Like the head goose when it needs a break, your lead domain also might lose steam and become absorbed into the formation. Another domain might be fitter at that moment and take a turn upfront.
You can also A-B test different domains. You can launch one series of social-media ads with one domain and one with another and see if there are any differences in impact. You can vary the top-level domains by geography to celebrate regional launches or expansions.
Sideways attacks on domains are still a common threat to anyone’s income or message. The attacker registers domains that are similar to yours. They might differ in the extension or their use of dashes.
The attackers have tools to track trending sites. They noticed you were getting traction. The domain packages these professionals have with their registrars allow them to make these kinds of bets profitably. They clone your site and run ads and malware on the adjacent domains.
So they end up with domains and content that search engines already like, just in a slightly new flavor. They steal your traffic and tarnish your domain. Then they go again, leaving the domains parked and further hurting your SEO.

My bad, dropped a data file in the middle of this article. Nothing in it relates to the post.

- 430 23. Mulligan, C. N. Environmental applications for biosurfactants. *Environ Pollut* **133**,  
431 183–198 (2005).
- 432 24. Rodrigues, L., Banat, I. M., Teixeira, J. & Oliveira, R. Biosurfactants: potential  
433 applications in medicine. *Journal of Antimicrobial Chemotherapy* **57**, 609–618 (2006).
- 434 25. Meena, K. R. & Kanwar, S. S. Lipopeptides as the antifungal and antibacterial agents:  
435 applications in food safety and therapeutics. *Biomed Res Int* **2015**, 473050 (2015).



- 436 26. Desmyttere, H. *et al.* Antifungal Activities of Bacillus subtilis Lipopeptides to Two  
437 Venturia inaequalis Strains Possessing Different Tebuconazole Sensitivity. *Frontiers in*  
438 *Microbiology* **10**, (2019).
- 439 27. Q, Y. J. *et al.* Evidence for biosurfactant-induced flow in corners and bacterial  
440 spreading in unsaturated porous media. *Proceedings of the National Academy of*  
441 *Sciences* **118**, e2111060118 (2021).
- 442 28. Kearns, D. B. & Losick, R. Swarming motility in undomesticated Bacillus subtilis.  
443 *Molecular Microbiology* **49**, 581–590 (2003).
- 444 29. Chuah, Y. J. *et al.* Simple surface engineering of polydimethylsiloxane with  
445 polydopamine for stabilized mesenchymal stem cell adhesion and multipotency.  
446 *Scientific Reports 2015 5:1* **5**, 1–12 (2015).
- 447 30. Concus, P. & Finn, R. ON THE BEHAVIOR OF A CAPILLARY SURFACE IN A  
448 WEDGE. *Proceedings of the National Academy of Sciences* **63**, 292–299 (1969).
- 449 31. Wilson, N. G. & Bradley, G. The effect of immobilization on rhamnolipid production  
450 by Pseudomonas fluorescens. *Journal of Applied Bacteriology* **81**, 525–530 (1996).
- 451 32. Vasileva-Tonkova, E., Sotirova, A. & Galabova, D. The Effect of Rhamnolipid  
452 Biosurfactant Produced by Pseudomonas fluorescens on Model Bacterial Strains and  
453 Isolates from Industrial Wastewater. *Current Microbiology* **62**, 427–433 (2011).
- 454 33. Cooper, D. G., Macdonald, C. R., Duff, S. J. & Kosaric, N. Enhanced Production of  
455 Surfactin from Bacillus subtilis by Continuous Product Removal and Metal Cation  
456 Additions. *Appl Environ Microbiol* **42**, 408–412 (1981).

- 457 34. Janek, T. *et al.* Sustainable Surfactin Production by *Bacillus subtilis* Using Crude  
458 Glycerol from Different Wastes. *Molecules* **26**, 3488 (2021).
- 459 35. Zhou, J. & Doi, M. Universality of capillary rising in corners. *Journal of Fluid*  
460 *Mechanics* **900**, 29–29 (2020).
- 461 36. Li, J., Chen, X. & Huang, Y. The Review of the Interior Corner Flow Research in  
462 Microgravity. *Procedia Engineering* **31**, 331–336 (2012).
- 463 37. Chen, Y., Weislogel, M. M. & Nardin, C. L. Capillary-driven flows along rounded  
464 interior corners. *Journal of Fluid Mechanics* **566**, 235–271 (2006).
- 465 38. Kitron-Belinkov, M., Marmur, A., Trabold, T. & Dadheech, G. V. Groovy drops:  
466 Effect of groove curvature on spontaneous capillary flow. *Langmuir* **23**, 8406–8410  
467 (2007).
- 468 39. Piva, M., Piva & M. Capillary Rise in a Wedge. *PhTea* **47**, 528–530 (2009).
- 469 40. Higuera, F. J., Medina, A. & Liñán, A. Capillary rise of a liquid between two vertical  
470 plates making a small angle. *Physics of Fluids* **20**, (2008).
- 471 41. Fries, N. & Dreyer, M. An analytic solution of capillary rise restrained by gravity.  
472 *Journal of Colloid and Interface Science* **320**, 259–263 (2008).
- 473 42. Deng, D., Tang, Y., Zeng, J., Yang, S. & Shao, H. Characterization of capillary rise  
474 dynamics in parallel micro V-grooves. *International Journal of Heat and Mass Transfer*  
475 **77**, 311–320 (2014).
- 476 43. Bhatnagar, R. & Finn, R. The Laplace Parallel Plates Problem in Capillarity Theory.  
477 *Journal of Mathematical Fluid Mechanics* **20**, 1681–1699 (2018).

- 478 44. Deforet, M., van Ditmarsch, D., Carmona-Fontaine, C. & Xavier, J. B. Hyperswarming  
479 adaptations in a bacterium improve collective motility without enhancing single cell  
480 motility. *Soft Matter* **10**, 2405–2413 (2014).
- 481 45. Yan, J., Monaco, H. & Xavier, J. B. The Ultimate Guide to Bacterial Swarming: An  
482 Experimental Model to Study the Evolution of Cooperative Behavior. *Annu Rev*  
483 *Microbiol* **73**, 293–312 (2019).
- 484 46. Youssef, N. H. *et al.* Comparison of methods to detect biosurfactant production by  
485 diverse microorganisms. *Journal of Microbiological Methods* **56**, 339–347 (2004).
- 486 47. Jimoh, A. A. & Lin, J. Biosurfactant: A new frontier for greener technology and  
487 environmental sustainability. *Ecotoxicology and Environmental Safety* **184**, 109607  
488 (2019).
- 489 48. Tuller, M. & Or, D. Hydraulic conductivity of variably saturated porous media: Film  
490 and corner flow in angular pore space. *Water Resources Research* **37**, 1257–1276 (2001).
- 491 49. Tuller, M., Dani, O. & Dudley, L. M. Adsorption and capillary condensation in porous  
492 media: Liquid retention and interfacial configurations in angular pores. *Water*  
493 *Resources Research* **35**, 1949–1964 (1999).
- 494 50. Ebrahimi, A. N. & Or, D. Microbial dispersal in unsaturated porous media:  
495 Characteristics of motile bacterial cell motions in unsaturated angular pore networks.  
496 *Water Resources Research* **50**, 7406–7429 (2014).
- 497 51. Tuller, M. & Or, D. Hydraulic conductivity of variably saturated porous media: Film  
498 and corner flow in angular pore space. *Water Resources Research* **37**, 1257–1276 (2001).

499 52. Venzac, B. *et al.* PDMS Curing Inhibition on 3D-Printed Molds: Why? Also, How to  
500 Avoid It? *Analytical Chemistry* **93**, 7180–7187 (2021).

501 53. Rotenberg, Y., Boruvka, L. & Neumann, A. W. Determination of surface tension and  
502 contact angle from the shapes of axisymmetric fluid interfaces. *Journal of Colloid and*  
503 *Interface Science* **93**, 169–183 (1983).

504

Conveniently, Namecheap points out these adjacent domains to you in its domain search results when you buy your domain. Often they are cheap, too. But it can nevertheless be a hard decision.
“Oh, I don’t need that, I’m just running a limited thing.” First of all, never think like that! Second, yes, it can be more of a cost upfront. But it gives you the possibility of maximizing your impact and your sales in multiple ways. Think of the geese.
Taking all this information and processing it into a working domain strategy is not that hard with the search tools at Namecheap. In the end, your domain name also just has to feel right to you. Take your time. It’s fun to explore the possibilities.
* DNS replication used to be slow. It could take 24 hours for the whole system to be aware of your new domain pointing to your new server. Now the servers for Europe and North America propagate new records within minutes.